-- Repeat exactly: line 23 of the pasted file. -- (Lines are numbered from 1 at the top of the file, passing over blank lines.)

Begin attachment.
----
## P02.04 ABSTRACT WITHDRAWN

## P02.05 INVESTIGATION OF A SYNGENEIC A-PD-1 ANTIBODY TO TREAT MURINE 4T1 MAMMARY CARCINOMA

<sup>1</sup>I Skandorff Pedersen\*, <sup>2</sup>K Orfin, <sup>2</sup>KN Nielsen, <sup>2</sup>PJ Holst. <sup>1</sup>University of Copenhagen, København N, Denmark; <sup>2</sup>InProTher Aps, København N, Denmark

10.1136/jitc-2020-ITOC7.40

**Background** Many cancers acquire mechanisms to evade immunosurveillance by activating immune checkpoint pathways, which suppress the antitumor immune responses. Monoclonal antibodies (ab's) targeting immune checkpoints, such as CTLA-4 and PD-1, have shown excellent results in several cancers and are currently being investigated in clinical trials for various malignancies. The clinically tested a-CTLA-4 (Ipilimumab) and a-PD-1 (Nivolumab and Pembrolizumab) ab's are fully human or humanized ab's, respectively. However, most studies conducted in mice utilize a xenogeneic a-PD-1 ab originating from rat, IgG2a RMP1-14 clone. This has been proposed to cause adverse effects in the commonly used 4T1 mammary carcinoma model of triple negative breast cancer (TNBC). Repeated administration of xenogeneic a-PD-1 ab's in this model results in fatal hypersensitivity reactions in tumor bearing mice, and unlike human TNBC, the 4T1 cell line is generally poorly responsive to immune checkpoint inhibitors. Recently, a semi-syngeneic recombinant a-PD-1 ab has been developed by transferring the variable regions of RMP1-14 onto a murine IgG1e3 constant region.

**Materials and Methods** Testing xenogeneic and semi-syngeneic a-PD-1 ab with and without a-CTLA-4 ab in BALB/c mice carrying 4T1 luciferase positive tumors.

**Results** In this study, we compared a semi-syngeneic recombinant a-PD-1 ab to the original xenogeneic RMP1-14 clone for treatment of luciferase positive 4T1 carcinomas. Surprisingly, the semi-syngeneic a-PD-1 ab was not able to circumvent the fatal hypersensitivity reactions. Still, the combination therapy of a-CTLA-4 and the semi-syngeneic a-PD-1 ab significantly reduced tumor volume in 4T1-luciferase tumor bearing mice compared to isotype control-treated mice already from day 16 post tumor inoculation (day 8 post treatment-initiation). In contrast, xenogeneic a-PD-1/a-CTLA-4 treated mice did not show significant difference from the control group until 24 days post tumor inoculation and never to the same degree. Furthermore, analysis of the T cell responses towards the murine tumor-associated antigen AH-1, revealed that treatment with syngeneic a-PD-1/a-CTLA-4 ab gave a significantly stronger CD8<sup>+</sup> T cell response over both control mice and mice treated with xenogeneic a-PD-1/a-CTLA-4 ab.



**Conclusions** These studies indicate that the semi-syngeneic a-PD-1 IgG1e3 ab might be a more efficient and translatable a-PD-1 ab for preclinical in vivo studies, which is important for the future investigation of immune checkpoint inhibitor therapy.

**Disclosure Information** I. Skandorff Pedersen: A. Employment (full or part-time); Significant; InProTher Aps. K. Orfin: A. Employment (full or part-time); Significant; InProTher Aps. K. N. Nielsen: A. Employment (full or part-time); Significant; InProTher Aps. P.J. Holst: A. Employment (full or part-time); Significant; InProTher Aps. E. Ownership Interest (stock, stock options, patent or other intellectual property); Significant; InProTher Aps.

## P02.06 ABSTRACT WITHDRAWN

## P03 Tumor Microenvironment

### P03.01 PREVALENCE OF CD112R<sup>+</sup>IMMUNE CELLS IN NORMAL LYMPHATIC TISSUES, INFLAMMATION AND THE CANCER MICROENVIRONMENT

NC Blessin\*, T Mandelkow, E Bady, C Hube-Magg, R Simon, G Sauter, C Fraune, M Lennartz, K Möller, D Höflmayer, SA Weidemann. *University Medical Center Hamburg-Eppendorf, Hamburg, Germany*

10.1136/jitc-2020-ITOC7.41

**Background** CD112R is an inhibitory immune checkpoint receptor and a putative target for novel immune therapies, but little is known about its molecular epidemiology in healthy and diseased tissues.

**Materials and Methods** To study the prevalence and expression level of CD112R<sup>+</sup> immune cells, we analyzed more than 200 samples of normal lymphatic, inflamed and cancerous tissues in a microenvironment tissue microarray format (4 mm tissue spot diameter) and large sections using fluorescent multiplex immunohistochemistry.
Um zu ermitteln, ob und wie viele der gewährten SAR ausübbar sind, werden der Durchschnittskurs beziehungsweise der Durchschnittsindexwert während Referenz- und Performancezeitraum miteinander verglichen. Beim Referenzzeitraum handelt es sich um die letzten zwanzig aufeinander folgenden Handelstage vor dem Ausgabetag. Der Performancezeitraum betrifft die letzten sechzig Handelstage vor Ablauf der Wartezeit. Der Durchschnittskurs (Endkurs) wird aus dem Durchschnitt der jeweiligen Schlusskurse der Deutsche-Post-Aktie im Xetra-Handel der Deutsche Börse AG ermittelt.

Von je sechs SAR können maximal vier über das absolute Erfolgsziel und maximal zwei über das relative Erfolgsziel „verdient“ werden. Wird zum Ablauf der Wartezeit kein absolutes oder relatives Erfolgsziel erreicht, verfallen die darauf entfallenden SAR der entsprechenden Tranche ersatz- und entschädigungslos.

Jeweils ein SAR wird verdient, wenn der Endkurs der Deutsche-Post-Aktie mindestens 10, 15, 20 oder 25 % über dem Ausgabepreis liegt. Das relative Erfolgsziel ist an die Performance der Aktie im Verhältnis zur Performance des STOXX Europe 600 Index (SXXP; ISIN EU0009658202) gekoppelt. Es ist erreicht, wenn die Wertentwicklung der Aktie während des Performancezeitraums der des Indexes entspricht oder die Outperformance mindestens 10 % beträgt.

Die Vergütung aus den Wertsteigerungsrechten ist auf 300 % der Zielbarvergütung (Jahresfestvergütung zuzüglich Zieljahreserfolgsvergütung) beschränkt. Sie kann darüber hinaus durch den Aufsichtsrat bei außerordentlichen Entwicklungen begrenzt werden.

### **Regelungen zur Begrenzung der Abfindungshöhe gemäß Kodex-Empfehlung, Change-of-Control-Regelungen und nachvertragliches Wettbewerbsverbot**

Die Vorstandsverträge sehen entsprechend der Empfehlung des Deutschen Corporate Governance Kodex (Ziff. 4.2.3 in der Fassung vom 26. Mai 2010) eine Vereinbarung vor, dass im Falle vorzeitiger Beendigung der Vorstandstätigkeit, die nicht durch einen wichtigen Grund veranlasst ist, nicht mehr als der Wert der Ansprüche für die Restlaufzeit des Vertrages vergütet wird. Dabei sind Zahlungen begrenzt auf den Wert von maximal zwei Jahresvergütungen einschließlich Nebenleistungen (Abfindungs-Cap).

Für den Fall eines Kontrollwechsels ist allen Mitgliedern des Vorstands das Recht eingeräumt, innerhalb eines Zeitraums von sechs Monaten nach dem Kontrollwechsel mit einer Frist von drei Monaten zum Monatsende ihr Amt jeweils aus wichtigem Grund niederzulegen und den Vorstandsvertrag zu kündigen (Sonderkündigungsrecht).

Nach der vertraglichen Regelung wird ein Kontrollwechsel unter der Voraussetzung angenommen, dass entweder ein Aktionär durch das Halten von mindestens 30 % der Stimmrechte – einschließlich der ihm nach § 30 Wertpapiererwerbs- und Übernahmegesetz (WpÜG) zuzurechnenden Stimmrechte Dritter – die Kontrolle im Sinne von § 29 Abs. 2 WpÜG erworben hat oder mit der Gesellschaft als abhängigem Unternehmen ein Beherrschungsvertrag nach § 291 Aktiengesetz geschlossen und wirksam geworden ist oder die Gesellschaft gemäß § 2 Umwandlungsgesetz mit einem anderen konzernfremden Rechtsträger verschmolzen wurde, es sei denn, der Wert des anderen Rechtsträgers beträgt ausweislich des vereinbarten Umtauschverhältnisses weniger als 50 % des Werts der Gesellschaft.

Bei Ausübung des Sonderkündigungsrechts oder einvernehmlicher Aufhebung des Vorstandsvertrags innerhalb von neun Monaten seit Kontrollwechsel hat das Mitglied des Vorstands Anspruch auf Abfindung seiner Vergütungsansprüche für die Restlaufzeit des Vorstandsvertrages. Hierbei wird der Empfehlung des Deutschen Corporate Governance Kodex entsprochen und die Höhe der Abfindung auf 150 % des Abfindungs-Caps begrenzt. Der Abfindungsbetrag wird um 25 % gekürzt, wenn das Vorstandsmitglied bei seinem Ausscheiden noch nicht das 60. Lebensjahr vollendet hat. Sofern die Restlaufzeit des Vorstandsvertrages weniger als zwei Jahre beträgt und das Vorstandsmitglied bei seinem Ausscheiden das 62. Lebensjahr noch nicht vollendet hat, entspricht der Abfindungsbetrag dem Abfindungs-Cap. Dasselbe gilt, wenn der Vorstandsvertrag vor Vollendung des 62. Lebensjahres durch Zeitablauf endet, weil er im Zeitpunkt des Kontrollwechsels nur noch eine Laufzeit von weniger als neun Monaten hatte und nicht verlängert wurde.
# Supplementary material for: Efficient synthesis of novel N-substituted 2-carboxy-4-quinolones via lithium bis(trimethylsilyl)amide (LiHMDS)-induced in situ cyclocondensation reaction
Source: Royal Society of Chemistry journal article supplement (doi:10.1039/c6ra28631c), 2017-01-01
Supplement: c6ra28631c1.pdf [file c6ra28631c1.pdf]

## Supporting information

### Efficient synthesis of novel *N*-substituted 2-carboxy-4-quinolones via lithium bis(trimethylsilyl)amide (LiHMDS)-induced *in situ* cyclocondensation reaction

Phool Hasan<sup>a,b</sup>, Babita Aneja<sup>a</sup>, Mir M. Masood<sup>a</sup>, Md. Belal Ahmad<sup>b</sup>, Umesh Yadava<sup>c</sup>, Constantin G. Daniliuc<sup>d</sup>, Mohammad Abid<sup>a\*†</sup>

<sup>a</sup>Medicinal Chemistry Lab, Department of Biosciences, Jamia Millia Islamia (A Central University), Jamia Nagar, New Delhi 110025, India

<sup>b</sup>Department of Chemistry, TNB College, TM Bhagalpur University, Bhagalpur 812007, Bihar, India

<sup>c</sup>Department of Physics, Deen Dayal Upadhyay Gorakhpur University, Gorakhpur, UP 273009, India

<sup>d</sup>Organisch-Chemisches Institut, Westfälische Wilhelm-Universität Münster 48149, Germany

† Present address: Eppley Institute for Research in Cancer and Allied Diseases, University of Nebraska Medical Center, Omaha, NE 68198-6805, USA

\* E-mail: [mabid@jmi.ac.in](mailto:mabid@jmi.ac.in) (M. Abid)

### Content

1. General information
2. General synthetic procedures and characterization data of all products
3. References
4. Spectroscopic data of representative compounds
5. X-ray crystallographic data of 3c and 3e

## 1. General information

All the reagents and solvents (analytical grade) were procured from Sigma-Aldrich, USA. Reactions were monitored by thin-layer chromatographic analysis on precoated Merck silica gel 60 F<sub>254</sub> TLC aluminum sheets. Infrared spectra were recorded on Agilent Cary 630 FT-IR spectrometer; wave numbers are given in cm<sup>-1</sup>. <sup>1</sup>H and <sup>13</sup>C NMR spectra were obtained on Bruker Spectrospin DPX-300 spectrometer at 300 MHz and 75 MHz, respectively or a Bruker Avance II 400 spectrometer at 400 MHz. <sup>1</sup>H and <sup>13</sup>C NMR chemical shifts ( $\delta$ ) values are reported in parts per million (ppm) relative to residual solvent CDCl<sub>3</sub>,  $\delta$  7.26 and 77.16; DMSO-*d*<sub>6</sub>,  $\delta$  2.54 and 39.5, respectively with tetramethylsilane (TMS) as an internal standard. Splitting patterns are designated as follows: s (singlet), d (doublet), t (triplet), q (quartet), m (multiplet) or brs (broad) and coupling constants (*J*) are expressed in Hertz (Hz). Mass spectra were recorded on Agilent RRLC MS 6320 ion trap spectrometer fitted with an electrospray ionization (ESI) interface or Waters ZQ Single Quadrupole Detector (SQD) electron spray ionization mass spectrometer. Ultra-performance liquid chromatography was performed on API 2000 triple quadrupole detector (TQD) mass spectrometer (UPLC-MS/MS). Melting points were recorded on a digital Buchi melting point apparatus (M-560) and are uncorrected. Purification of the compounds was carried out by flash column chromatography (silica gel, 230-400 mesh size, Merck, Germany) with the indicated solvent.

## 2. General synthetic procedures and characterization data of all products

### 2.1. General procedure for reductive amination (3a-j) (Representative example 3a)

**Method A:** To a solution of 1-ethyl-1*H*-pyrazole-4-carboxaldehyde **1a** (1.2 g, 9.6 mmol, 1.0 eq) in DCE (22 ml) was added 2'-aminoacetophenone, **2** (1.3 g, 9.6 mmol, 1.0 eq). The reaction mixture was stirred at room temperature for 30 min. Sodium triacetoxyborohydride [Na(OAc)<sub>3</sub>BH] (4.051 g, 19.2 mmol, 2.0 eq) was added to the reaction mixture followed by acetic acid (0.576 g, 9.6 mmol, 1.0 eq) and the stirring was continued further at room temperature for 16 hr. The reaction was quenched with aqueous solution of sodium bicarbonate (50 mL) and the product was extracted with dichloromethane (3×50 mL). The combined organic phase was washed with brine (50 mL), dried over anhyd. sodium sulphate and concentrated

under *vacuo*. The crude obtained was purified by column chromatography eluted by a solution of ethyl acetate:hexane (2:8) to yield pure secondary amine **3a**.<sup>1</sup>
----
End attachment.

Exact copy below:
Für den Fall eines Kontrollwechsels ist allen Mitgliedern des Vorstands das Recht eingeräumt, innerhalb eines Zeitraums von sechs Monaten nach dem Kontrollwechsel mit einer Frist von drei Monaten zum Monatsende ihr Amt jeweils aus wichtigem Grund niederzulegen und den Vorstandsvertrag zu kündigen (Sonderkündigungsrecht).